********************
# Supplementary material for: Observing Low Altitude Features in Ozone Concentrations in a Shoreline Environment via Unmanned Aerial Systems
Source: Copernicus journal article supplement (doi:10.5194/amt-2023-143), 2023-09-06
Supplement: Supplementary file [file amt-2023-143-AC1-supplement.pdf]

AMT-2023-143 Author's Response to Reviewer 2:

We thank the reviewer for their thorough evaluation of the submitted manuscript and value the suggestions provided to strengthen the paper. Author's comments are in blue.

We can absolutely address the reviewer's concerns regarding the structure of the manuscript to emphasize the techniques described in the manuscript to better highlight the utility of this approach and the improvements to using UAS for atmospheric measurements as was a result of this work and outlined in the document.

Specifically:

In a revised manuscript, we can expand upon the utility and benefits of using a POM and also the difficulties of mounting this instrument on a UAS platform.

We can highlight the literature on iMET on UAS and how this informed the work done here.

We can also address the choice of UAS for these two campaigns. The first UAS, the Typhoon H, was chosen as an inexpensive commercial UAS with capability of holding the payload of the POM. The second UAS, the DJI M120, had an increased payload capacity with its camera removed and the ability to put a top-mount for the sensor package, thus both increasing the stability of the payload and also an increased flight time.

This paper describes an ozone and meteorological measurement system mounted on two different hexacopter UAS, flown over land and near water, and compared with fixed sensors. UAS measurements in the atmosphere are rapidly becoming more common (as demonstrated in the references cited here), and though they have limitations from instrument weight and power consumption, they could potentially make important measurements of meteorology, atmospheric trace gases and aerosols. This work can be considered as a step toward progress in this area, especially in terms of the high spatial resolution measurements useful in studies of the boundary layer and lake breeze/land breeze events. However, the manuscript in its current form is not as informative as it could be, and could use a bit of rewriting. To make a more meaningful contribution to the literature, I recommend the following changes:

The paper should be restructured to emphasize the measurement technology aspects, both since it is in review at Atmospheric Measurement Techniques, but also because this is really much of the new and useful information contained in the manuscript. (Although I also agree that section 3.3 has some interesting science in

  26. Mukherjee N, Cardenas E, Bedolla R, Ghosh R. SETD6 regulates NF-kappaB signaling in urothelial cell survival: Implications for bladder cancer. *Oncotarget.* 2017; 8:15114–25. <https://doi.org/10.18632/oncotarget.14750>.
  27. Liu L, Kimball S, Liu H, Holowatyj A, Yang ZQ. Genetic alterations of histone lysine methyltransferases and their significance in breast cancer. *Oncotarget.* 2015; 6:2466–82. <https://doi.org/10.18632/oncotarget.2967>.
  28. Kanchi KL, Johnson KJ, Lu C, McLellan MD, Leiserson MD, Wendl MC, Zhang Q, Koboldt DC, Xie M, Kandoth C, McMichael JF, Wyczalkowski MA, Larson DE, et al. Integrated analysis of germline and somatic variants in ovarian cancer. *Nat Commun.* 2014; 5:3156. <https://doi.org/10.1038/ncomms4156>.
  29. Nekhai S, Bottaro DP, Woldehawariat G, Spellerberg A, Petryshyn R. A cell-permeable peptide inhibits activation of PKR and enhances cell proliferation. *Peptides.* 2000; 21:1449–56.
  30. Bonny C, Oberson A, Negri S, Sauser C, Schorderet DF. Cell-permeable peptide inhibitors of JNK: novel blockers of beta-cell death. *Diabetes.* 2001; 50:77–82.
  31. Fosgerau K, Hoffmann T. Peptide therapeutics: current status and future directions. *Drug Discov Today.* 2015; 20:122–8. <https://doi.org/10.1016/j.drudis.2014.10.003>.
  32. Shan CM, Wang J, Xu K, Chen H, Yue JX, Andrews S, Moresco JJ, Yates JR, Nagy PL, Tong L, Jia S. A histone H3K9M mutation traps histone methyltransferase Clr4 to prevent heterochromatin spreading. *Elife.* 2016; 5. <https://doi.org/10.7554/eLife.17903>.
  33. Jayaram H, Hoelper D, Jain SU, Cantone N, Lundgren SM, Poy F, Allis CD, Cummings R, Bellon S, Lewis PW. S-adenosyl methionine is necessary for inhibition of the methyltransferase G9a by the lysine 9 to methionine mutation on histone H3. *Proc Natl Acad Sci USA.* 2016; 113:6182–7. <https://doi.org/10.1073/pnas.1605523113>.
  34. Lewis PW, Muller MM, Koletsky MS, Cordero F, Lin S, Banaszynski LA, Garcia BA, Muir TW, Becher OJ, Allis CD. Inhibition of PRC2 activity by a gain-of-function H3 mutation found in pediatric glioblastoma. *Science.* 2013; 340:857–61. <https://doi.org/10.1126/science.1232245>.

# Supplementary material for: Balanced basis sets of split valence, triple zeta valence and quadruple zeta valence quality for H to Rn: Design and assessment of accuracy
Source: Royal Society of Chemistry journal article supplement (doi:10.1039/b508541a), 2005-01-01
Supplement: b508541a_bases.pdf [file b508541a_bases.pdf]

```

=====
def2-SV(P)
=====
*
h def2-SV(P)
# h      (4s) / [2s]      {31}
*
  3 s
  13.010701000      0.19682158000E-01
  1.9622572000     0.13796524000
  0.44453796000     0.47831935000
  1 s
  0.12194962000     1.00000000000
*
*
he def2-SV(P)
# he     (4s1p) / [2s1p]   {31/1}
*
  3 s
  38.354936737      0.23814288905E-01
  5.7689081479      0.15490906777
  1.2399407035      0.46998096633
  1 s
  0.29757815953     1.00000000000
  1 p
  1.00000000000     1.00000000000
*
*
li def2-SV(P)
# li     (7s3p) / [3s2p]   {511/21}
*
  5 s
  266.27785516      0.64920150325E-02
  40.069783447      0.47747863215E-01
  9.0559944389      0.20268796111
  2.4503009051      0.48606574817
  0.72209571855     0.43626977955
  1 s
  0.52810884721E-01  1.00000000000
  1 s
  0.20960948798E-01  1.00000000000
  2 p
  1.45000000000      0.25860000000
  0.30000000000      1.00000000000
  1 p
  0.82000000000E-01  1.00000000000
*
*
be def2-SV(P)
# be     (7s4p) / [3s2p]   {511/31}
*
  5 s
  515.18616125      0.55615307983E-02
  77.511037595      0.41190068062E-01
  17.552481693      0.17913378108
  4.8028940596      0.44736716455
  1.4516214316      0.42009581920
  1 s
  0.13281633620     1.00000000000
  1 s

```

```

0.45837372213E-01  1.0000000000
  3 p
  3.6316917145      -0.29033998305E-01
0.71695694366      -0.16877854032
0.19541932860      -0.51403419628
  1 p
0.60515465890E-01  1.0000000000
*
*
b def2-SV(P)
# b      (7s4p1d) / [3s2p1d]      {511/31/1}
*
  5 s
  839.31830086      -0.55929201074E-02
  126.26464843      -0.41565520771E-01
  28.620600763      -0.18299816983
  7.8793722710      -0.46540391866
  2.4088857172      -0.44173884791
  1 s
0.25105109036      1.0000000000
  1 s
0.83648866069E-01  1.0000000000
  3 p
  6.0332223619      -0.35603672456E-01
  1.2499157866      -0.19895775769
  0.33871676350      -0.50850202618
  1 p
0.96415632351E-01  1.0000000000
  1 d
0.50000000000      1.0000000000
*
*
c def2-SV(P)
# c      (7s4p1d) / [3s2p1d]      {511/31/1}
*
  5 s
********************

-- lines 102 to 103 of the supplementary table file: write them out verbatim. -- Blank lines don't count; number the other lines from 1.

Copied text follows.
  126.26464843      -0.41565520771E-01
  28.620600763      -0.18299816983